Brain Imaging Shows Cognitive Strategies Can Influence Food Cravings


Using a variety of cognitive strategies may help dampen food cravings and boost inhibitory control in individuals with obesity, according to a small neuroimaging study that draws methods from addiction research.

Using a variety of cognitive strategies may help dampen food cravings and boost inhibitory control in individuals with obesity, according to a small neuroimaging study that draws methods from addiction research.

Kathryn Demos, PhD, assistant professor of Psychiatry and Human Behavior at Brown University, presented her work at Obesity Week in Boston, MA on November 4, 2014. Demos and colleagues designed a study that used functional magnetic resonance imaging (fMRI) to identify the brain structures that are most active when participants were asked to look at tempting food pictures, and then employ a variety of cognitive strategies.

The strategies, which are also examined in addiction research, involve one of 4 mindsets. The first mindset, termed NOW in the study, simply involves focusing on the pleasure and satisfaction that would come from eating the pictured food item. The second mindset is DISTRACT, employing a technique used in cognitive behavioral therapy that encourages participants to think about or do something else when feeling a craving. The third condition, termed ALLOW, encourages subjects to acknowledge their craving in a nonjudgmental way and allow the feeling to come and go without judgment. Finally, a mindset of LATER had participants think about the long-term negative consequences of succumbing to a craving.

Twenty-five individuals who were overweight or had obesity were recruited to participate. They were presented an array of appealing photographs of food, and each participant selected the most personally tempting images to view during the study.

After training sessions and simulated scanning sessions, participants were presented with food images and asked to utilize one of the four strategies (NOW, DISTRACT, ALLOW, or LATER). The strategies were rotated within sessions in a blockwise fashion so changes during the transition from each state to the other could also be examined. Study subjects, who arrived fasting (no food for 3 hours preceding study), were also asked to rate their urge to eat on a 1-4 Likert scale after each block.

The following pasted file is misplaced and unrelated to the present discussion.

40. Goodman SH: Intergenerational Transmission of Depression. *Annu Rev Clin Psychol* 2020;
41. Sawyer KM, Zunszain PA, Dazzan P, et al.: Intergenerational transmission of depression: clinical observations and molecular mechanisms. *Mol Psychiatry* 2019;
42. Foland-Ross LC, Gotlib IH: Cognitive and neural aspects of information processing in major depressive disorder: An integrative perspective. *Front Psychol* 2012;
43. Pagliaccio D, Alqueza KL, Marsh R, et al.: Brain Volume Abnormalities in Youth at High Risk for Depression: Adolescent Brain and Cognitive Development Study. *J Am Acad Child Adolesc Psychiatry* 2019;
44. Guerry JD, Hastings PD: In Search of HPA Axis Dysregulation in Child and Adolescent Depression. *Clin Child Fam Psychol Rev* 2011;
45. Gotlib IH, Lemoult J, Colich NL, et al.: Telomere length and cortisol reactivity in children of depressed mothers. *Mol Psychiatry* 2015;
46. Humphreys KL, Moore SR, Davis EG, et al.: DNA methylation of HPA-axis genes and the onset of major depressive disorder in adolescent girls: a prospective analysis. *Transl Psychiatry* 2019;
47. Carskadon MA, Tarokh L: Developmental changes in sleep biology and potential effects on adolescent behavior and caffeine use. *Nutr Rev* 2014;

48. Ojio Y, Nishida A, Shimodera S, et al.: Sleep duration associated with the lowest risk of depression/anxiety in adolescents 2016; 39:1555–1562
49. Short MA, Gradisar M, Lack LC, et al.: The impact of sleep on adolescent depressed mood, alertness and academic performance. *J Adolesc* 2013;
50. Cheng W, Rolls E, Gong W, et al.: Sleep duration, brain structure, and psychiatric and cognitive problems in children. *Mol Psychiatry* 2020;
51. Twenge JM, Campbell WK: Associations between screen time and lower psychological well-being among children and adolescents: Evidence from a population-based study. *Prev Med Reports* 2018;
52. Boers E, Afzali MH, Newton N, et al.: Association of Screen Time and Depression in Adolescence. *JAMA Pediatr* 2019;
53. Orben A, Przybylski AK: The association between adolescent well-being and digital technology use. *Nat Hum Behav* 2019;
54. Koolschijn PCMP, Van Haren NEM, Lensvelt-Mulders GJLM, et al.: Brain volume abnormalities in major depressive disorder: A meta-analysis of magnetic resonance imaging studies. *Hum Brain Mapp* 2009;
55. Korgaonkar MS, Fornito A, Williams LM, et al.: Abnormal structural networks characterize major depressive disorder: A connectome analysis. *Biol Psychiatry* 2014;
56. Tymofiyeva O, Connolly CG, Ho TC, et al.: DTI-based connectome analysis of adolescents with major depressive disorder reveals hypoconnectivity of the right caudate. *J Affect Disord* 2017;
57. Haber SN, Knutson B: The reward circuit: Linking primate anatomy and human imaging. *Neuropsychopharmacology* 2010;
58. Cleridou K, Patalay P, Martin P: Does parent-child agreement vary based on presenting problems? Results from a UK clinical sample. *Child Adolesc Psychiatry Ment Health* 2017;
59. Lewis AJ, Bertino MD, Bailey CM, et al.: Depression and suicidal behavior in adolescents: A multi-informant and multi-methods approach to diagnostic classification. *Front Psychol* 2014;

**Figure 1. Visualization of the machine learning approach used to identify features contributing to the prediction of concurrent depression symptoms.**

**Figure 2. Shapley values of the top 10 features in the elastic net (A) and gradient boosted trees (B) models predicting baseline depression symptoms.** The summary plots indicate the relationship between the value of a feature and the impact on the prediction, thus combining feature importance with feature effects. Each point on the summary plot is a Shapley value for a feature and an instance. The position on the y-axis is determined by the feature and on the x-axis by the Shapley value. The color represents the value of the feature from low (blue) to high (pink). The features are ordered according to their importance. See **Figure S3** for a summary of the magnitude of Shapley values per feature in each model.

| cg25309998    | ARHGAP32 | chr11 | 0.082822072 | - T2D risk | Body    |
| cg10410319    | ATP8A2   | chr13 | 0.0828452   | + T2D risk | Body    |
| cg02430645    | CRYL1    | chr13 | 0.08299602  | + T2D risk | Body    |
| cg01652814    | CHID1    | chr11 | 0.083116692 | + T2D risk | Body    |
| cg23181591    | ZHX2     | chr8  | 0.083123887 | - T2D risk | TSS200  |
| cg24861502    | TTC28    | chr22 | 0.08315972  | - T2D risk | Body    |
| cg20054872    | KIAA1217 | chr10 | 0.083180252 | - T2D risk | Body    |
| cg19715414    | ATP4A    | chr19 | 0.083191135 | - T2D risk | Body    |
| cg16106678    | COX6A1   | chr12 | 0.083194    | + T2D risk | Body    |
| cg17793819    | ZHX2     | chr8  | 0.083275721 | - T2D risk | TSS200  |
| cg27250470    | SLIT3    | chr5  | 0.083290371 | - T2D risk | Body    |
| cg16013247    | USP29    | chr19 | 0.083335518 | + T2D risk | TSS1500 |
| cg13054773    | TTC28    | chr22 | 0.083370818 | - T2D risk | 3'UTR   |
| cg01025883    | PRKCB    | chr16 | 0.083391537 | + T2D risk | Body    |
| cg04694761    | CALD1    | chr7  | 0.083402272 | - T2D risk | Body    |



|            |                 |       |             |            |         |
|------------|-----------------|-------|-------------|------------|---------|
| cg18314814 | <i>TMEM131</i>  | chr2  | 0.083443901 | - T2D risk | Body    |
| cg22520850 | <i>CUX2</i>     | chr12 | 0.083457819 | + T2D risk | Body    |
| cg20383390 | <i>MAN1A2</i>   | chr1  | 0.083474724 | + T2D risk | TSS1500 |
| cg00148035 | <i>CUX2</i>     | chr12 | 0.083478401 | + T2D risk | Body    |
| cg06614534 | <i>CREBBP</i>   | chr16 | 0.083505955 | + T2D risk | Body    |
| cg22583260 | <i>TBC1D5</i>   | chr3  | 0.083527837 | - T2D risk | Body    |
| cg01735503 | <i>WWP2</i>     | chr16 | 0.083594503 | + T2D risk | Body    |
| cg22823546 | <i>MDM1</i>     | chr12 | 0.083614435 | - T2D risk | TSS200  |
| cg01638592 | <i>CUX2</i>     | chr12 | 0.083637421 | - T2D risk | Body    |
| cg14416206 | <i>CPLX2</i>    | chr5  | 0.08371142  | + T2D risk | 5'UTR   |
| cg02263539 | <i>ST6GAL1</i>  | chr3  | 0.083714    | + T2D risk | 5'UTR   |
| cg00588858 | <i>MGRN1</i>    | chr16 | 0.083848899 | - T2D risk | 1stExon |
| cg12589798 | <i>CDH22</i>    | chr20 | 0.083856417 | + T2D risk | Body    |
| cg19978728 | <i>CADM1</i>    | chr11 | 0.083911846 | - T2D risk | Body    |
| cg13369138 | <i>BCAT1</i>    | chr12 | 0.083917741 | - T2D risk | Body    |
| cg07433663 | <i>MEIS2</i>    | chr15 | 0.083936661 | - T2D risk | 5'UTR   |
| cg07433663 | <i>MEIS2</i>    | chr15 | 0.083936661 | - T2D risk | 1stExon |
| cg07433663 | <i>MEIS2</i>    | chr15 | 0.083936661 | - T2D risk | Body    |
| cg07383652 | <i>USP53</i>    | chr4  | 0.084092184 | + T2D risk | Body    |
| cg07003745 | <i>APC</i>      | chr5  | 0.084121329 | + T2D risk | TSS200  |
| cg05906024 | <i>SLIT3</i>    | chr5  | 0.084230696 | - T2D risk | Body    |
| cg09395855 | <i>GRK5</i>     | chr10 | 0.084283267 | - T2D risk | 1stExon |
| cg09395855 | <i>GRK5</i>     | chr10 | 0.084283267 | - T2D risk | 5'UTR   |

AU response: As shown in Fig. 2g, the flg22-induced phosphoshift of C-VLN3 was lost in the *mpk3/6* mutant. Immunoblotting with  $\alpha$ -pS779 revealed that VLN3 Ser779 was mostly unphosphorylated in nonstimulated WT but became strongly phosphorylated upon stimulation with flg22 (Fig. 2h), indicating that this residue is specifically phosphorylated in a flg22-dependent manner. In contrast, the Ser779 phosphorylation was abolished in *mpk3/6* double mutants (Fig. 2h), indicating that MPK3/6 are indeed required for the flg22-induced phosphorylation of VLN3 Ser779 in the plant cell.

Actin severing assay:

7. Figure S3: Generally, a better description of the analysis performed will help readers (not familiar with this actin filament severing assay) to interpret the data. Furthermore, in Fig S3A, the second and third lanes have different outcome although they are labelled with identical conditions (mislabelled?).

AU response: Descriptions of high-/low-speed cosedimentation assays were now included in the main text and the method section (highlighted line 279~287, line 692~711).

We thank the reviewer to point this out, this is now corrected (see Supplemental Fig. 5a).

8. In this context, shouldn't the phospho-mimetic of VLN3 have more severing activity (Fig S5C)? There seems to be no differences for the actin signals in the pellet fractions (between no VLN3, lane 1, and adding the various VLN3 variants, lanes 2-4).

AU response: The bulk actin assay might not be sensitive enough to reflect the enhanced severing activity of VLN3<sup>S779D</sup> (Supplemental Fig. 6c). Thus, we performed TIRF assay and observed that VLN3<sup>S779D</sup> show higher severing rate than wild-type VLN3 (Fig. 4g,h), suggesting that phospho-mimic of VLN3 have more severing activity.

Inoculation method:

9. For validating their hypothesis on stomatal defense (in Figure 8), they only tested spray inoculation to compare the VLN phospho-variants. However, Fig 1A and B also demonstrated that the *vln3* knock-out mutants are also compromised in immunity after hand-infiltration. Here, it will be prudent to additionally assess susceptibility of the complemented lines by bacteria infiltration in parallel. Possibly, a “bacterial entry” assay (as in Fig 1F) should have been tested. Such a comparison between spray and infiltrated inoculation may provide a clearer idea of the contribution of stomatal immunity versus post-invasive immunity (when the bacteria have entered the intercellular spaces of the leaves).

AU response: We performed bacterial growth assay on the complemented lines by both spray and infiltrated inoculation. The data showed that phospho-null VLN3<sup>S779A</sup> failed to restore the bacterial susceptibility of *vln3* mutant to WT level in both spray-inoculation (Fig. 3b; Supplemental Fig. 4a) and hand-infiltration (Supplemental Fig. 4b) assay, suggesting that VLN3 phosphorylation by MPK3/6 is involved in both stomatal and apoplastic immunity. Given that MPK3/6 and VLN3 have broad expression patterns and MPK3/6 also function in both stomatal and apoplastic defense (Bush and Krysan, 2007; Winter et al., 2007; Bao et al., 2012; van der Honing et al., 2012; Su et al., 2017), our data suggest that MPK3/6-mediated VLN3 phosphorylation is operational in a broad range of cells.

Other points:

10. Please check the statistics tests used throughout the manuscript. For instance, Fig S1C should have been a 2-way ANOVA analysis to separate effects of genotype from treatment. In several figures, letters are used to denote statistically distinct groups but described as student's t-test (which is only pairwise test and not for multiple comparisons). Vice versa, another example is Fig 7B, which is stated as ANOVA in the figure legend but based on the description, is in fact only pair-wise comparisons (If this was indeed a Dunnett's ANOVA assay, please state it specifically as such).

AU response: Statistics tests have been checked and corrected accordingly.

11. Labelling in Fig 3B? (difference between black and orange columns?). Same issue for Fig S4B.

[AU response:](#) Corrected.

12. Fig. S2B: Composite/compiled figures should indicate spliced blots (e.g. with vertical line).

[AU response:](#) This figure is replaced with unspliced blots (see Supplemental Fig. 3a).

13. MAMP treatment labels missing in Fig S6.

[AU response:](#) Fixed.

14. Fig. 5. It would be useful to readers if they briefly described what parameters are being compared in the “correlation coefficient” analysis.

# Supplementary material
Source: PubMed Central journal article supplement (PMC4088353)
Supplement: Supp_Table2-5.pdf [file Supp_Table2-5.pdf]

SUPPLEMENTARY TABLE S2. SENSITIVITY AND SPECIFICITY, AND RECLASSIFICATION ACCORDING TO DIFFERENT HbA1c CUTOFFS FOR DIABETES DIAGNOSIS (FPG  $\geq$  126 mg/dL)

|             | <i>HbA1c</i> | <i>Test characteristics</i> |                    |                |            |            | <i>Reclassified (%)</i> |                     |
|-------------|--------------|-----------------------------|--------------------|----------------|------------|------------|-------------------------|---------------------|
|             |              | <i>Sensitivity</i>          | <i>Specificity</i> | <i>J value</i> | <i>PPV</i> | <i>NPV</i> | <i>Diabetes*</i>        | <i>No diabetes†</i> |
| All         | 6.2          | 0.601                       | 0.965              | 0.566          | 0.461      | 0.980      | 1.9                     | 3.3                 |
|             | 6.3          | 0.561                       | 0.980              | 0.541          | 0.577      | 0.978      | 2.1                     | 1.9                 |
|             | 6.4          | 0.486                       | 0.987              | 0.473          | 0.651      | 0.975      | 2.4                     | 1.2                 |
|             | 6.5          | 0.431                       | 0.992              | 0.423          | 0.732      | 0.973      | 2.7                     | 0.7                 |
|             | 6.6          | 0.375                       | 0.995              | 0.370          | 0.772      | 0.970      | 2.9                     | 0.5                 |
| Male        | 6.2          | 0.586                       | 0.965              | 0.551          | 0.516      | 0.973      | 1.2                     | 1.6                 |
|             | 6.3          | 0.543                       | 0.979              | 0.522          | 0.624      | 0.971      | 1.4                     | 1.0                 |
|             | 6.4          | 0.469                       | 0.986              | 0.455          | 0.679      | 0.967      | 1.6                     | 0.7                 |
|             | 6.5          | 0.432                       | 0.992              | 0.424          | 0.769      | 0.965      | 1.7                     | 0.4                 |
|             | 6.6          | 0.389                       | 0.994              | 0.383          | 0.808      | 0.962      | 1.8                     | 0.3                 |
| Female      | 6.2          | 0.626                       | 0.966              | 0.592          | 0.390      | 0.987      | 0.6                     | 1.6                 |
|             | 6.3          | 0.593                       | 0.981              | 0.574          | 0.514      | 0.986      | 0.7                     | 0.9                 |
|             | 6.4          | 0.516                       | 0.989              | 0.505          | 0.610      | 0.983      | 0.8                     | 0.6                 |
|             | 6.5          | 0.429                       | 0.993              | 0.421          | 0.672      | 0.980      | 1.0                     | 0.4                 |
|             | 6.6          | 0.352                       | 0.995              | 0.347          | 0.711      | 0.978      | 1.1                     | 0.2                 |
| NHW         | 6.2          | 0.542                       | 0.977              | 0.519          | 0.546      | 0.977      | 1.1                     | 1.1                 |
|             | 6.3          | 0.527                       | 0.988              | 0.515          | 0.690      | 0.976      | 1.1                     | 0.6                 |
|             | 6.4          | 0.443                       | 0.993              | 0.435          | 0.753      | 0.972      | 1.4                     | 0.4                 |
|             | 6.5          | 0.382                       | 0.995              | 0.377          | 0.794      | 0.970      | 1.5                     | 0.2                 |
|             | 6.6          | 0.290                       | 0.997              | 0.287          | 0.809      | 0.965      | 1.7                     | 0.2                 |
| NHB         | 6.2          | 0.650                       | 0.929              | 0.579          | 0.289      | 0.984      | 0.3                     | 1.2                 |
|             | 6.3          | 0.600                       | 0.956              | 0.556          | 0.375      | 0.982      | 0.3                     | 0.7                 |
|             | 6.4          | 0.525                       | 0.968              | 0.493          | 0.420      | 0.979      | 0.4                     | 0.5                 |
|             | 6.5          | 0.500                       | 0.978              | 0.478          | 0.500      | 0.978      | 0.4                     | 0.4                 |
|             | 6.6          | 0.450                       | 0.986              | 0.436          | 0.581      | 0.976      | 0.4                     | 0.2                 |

Each subject’s image analysis was refined by identifying the dorsolateral prefrontal cortex areas that were most active for that particular subject, rather than applying a uniform anatomic region of interest to all subjects, since there is considerable between-subject variability in this anatomic region. This is an area of the brain known to be associated with inhibition and impulse control, and felt to be important in understanding how people resist cravings.

As expected, participants reported that their urge to eat was highest after the NOW state, at 3.4+/- 0.5. ALLOW had the next highest level of craving, at 2.4 +/- 0.8, followed by DISTRACT at 2.0+/=0.7. Finally, LATER resulted in the lowest urge to eat, at 1.7+/- 0.7.

Examining fMRI images during the various states gave some indication of how the various strategies might work to reduce craving. While in the NOW state, participants’ brains showed activation of the ventral striatum, a region associated with pleasure and reward, as well as other brain regions associated with sensory and reward processing activity.

The ALLOW state showed some activation of the default mode network, a group of structures associated with a resting state and also activated in mindfulness training. The DISTRACT technique showed superior frontal cortex activation, indicating higher order processing (participants revealed they were often thinking about tasks and obligations during this state). Finally, when asked to think about long-term negative consequences (the LATER condition), participants’ brains showed dorsolateral prefrontal cortex activation, indicating inhibition.

Discussing conclusions and implications of this work, Demos noted that most weight management programs do not currently encourage participants to focus on long-term negative consequences of carrying excess weight. Demos and colleagues plan more study to extend investigation of this array of cognitive strategies into real-world behavior.

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